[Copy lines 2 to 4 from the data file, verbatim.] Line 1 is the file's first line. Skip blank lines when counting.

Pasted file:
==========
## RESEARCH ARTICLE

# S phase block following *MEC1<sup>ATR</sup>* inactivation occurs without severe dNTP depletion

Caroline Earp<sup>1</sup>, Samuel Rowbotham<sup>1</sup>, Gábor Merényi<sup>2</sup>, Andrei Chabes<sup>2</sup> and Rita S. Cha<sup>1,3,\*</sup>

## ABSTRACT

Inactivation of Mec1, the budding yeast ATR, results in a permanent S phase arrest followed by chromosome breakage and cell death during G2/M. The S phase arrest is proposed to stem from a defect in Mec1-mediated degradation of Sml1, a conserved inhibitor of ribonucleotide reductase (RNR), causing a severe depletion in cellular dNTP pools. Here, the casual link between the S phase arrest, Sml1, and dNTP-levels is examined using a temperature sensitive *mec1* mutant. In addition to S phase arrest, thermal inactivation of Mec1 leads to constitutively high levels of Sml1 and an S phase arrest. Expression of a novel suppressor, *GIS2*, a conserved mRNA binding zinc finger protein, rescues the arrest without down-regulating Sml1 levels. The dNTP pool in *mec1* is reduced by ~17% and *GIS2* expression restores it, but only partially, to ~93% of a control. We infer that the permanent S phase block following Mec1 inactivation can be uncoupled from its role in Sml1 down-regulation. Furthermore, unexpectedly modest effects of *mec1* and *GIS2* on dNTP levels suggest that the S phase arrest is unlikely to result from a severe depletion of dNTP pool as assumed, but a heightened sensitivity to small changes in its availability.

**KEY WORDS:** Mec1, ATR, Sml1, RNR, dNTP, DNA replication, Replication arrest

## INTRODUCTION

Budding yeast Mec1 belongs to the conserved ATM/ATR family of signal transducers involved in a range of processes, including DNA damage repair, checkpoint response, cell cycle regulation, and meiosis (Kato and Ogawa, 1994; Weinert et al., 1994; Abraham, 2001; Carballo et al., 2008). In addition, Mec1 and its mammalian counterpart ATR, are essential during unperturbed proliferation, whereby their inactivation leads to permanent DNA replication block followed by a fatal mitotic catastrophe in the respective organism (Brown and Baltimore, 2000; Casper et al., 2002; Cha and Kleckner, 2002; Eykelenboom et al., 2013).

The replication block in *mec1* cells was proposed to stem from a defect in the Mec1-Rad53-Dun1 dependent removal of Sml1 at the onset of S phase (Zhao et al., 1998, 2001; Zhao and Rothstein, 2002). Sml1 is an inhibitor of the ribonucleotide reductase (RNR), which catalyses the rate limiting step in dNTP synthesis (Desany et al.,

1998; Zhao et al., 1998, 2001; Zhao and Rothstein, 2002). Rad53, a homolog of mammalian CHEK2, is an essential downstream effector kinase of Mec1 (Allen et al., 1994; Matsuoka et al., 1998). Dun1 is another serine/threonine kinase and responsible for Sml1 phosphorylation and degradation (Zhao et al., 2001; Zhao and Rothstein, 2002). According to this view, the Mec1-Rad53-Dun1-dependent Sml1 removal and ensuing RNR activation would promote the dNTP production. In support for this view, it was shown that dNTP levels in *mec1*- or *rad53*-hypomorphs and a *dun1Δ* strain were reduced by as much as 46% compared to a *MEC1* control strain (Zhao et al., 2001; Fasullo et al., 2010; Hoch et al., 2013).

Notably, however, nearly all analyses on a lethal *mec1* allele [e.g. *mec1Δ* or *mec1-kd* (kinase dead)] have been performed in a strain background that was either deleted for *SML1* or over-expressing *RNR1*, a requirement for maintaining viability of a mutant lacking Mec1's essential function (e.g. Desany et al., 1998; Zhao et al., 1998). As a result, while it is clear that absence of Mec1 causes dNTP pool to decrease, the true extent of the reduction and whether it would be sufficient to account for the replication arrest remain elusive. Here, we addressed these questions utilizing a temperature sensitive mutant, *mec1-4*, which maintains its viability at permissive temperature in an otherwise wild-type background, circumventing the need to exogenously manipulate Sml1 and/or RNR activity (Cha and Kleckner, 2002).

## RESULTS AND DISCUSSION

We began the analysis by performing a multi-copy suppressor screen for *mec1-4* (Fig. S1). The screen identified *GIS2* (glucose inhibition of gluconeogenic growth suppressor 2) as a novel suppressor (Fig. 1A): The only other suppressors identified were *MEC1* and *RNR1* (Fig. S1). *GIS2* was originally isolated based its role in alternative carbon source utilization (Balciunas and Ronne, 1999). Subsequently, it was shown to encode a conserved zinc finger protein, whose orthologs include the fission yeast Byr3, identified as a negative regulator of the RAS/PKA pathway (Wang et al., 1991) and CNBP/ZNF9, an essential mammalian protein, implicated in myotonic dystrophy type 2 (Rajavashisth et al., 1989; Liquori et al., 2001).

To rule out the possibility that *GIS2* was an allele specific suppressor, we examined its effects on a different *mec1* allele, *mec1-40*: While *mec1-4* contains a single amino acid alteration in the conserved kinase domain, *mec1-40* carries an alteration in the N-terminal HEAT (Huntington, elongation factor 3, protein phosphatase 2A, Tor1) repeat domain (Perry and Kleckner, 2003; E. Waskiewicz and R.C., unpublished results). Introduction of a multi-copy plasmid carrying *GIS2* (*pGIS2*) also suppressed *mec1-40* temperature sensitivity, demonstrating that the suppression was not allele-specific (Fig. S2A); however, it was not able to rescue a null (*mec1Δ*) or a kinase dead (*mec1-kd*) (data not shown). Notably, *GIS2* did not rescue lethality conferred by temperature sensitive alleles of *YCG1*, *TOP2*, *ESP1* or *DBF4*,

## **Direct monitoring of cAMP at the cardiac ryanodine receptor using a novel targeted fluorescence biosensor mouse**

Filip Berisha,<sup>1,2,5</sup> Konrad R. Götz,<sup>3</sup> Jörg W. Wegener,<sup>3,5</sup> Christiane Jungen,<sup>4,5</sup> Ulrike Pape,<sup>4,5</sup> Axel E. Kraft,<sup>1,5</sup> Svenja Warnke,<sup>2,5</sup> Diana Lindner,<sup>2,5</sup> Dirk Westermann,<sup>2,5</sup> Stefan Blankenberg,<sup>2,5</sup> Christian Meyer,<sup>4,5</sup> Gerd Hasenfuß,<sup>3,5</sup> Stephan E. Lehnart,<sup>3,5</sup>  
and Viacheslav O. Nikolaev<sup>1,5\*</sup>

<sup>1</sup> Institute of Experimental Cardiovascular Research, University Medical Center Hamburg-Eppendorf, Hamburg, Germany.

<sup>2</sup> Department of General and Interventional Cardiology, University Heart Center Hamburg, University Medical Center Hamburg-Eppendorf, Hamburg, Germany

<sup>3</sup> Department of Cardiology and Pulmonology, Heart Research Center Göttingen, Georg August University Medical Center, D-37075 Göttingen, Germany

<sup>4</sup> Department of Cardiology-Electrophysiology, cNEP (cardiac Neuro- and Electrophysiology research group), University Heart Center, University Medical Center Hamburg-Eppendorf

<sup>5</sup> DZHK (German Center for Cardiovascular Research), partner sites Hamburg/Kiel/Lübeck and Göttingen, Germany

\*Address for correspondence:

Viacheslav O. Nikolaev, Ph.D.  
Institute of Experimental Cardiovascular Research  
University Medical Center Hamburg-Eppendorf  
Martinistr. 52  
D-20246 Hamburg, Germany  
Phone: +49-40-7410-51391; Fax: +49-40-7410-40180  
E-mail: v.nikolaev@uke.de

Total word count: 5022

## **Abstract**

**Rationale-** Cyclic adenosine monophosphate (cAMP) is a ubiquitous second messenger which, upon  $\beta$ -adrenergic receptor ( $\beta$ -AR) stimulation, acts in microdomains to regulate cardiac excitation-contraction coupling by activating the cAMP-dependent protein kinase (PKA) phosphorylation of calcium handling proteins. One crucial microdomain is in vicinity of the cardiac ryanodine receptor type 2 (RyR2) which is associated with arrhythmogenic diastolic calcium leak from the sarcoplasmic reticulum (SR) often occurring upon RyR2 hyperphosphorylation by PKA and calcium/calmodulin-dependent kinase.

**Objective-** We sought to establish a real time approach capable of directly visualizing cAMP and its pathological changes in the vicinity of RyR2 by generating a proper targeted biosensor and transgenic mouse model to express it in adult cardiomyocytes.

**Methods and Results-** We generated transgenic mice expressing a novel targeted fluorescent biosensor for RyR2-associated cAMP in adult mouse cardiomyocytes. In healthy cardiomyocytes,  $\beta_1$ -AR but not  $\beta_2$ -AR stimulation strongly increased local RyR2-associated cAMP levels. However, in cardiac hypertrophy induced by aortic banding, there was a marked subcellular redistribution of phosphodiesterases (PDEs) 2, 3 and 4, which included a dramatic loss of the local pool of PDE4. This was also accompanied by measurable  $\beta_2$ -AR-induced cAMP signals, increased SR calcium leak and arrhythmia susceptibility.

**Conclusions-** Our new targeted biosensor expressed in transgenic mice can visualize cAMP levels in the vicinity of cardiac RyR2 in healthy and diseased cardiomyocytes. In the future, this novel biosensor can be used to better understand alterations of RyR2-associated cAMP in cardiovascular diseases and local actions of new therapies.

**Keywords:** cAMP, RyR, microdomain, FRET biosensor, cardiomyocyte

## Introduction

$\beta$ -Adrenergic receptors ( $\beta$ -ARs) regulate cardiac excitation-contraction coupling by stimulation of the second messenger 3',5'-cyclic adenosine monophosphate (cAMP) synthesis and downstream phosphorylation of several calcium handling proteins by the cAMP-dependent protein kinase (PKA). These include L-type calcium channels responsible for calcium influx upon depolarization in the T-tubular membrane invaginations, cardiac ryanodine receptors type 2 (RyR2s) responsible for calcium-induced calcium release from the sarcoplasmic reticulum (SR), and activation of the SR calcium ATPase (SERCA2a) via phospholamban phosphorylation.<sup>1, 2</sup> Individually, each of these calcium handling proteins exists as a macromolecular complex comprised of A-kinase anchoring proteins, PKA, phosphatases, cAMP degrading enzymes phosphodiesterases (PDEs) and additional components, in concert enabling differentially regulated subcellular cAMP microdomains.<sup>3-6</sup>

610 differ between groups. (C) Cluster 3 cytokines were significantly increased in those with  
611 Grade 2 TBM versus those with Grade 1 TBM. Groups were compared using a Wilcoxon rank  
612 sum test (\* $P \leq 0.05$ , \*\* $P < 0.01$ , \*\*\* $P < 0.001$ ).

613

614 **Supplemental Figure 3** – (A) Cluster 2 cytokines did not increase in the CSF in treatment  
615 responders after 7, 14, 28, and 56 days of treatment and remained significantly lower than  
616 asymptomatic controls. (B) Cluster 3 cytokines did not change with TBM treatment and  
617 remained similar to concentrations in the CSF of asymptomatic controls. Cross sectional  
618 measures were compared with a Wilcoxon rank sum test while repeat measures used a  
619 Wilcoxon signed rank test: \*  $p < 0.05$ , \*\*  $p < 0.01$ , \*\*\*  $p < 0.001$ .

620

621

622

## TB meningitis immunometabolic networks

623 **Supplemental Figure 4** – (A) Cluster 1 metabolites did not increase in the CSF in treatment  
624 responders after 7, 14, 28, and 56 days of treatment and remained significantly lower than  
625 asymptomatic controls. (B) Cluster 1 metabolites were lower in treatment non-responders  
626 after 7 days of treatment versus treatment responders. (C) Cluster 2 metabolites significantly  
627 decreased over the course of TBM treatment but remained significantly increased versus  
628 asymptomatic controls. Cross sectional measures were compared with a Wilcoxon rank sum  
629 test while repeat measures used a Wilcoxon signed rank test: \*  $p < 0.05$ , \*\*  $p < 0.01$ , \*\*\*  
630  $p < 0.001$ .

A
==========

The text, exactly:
# S phase block following *MEC1<sup>ATR</sup>* inactivation occurs without severe dNTP depletion

Caroline Earp<sup>1</sup>, Samuel Rowbotham<sup>1</sup>, Gábor Merényi<sup>2</sup>, Andrei Chabes<sup>2</sup> and Rita S. Cha<sup>1,3,\*</sup>

## ABSTRACT